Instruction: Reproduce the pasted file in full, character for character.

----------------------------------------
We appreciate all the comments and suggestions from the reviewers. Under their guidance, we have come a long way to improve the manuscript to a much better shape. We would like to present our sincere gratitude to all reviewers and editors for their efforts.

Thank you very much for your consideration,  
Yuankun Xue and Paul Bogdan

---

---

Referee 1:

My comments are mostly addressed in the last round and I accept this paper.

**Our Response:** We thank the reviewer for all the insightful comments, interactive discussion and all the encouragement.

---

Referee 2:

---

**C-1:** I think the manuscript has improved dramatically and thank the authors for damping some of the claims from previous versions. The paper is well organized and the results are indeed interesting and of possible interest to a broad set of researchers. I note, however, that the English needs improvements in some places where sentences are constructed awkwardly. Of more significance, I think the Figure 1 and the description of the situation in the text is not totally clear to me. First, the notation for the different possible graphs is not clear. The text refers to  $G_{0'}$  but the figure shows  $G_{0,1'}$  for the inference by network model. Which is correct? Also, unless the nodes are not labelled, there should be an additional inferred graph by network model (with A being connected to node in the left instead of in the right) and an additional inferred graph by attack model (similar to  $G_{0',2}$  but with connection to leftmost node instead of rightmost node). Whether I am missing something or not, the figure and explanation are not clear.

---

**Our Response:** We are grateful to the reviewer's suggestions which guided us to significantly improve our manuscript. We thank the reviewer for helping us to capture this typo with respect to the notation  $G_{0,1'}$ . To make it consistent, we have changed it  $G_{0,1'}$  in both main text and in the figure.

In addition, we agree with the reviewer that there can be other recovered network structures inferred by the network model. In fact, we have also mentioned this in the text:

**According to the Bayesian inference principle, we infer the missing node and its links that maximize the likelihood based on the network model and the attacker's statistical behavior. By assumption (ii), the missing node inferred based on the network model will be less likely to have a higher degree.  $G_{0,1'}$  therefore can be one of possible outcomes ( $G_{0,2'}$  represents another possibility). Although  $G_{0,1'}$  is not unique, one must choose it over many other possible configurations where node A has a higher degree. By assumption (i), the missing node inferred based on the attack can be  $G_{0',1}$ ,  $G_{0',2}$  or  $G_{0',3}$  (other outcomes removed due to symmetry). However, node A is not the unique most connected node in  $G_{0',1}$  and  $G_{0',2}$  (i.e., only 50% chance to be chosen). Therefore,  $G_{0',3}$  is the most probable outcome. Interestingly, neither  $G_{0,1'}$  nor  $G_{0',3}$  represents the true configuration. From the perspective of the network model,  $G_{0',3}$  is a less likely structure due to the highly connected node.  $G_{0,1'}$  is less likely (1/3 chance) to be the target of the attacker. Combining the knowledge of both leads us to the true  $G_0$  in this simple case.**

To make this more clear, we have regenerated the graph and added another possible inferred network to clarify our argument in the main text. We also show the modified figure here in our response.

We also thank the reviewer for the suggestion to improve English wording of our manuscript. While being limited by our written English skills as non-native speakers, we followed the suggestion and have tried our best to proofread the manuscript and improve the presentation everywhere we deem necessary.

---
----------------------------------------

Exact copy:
We appreciate all the comments and suggestions from the reviewers. Under their guidance, we have come a long way to improve the manuscript to a much better shape. We would like to present our sincere gratitude to all reviewers and editors for their efforts.

Thank you very much for your consideration,  
Yuankun Xue and Paul Bogdan

---

---

Referee 1:

My comments are mostly addressed in the last round and I accept this paper.

**Our Response:** We thank the reviewer for all the insightful comments, interactive discussion and all the encouragement.

---

Referee 2:

---

**C-1:** I think the manuscript has improved dramatically and thank the authors for damping some of the claims from previous versions. The paper is well organized and the results are indeed interesting and of possible interest to a broad set of researchers. I note, however, that the English needs improvements in some places where sentences are constructed awkwardly. Of more significance, I think the Figure 1 and the description of the situation in the text is not totally clear to me. First, the notation for the different possible graphs is not clear. The text refers to  $G_{0'}$  but the figure shows  $G_{0,1'}$  for the inference by network model. Which is correct? Also, unless the nodes are not labelled, there should be an additional inferred graph by network model (with A being connected to node in the left instead of in the right) and an additional inferred graph by attack model (similar to  $G_{0',2}$  but with connection to leftmost node instead of rightmost node). Whether I am missing something or not, the figure and explanation are not clear.

---

**Our Response:** We are grateful to the reviewer's suggestions which guided us to significantly improve our manuscript. We thank the reviewer for helping us to capture this typo with respect to the notation  $G_{0,1'}$ . To make it consistent, we have changed it  $G_{0,1'}$  in both main text and in the figure.

In addition, we agree with the reviewer that there can be other recovered network structures inferred by the network model. In fact, we have also mentioned this in the text:

**According to the Bayesian inference principle, we infer the missing node and its links that maximize the likelihood based on the network model and the attacker's statistical behavior. By assumption (ii), the missing node inferred based on the network model will be less likely to have a higher degree.  $G_{0,1'}$  therefore can be one of possible outcomes ( $G_{0,2'}$  represents another possibility). Although  $G_{0,1'}$  is not unique, one must choose it over many other possible configurations where node A has a higher degree. By assumption (i), the missing node inferred based on the attack can be  $G_{0',1}$ ,  $G_{0',2}$  or  $G_{0',3}$  (other outcomes removed due to symmetry). However, node A is not the unique most connected node in  $G_{0',1}$  and  $G_{0',2}$  (i.e., only 50% chance to be chosen). Therefore,  $G_{0',3}$  is the most probable outcome. Interestingly, neither  $G_{0,1'}$  nor  $G_{0',3}$  represents the true configuration. From the perspective of the network model,  $G_{0',3}$  is a less likely structure due to the highly connected node.  $G_{0,1'}$  is less likely (1/3 chance) to be the target of the attacker. Combining the knowledge of both leads us to the true  $G_0$  in this simple case.**

To make this more clear, we have regenerated the graph and added another possible inferred network to clarify our argument in the main text. We also show the modified figure here in our response.

We also thank the reviewer for the suggestion to improve English wording of our manuscript. While being limited by our written English skills as non-native speakers, we followed the suggestion and have tried our best to proofread the manuscript and improve the presentation everywhere we deem necessary.

---